Library Dissertation Showcase

Attitudes and Experiences of Staff and Students towards Study Drugs at the University of Lincoln

  • Year of Publication:
  • 2020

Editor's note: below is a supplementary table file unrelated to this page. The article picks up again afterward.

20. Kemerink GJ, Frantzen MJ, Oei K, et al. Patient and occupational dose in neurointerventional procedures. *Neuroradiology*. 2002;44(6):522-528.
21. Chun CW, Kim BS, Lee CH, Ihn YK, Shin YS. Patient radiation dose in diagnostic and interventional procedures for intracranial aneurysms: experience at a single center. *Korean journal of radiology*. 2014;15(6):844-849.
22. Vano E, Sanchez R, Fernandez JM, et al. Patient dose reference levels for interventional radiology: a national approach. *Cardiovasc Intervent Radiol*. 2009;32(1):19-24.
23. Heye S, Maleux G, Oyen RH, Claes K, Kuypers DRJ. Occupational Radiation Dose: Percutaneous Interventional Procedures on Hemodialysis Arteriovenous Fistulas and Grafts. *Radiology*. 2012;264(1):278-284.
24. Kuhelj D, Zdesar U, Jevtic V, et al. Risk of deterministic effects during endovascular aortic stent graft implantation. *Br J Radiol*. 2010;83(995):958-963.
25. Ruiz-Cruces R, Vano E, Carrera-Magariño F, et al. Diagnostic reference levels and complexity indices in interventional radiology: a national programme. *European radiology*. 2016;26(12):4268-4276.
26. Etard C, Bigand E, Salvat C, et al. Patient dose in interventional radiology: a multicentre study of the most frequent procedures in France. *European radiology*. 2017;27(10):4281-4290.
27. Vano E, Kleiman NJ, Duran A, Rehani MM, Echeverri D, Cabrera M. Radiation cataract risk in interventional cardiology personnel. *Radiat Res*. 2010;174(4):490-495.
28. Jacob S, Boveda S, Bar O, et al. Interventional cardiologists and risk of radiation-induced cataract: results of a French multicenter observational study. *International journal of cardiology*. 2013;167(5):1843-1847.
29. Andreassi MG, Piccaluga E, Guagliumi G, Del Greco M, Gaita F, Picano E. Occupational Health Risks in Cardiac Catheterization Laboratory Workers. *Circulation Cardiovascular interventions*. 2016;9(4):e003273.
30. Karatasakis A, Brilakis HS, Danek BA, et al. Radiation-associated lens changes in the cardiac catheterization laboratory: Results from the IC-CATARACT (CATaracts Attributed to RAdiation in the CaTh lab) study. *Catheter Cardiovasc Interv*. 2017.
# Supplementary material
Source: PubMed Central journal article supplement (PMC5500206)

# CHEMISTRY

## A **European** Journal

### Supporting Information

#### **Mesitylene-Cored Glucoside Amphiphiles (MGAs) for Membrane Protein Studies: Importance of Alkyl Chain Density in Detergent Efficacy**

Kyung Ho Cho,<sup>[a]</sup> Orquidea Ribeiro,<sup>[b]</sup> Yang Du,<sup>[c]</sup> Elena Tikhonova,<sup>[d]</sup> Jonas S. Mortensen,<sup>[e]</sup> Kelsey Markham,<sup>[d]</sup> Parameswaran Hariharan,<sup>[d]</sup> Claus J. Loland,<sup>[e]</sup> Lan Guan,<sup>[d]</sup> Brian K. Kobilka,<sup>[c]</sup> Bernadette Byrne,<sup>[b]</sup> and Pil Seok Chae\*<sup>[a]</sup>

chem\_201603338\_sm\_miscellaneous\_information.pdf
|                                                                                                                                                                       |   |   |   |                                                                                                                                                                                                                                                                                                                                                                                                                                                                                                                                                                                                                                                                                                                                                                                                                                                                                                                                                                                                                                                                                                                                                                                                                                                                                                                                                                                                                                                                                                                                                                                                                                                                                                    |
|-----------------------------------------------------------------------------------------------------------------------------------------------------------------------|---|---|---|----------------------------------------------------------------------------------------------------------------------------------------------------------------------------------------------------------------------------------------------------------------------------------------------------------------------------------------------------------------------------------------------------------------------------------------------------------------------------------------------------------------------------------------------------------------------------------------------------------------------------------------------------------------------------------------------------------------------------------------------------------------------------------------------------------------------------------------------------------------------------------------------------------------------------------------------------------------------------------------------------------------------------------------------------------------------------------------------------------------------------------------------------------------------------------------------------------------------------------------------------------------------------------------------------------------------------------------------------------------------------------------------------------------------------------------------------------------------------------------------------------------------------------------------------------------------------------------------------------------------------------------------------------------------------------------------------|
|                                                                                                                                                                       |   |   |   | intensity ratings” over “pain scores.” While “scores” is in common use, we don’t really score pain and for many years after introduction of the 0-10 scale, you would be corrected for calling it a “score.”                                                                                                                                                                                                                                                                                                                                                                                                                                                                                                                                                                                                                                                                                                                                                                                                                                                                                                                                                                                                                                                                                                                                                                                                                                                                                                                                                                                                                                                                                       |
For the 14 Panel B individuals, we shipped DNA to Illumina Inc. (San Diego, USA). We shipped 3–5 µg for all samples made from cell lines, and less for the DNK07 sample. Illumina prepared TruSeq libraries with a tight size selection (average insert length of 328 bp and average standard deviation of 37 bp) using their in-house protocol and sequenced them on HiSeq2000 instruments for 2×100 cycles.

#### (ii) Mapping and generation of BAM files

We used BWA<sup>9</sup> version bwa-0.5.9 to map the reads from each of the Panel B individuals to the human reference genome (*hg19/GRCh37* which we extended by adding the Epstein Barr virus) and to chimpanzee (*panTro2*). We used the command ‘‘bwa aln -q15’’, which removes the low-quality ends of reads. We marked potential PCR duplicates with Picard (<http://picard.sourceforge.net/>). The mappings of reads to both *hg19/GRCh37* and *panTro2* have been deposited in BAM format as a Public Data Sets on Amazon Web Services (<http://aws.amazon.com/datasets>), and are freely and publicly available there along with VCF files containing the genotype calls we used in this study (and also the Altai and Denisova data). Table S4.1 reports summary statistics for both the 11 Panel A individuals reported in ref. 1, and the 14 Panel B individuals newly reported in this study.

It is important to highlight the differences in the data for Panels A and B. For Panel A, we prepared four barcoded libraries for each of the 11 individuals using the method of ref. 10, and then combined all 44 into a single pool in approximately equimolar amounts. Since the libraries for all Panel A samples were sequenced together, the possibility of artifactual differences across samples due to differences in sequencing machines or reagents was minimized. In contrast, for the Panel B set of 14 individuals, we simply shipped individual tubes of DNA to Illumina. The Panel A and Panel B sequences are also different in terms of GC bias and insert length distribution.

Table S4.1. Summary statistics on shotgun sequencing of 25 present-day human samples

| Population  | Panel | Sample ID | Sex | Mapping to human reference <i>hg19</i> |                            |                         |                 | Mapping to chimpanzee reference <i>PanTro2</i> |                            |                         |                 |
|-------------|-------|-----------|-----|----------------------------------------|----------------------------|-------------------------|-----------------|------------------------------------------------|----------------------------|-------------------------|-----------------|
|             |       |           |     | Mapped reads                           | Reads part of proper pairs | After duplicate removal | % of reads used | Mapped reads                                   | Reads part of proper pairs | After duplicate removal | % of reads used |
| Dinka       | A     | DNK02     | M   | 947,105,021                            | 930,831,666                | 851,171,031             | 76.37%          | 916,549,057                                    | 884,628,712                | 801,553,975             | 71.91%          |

Background: Modafinil, methylphenidate and 5-HTP can be used as cognitive enhancers in healthy individuals. More commonly, they are known as ‘study drugs’ that university students use recreationally or in their academic studies. Aims/objectives: This study aims to highlight staff and students’ experiences, attitudes and opinions towards study drugs at the University of Lincoln. Methods: Ten participants took part in a semi-structured interview and in-depth, qualitative data was collected and analysed by thematic analysis. The availability of online pharmacies was assessed by a clear-net search. Results: 9/10 participants abused CEs for NMUPS, both academically and recreationally. 9/10 participants acquired CEs without a prescription. Analysis of the clear-net search showed both modafinil and 5-HTP are highly accessible to those without a prescription and methylphenidate was not available to buy online in this search. Conclusions: Generally, staff and students demonstrated high misconceptions, low levels of knowledge, understanding and high-risk taking behaviour towards CE use, due to students’ experiences of high levels of stress and workload, procrastination, struggles with work/life balance, attempts to self-medicate and the wish to stay awake whilst partying. Study drugs are widely available in the UK via online pharmacies and the question remains if UK universities should address the growing study drug use problem.

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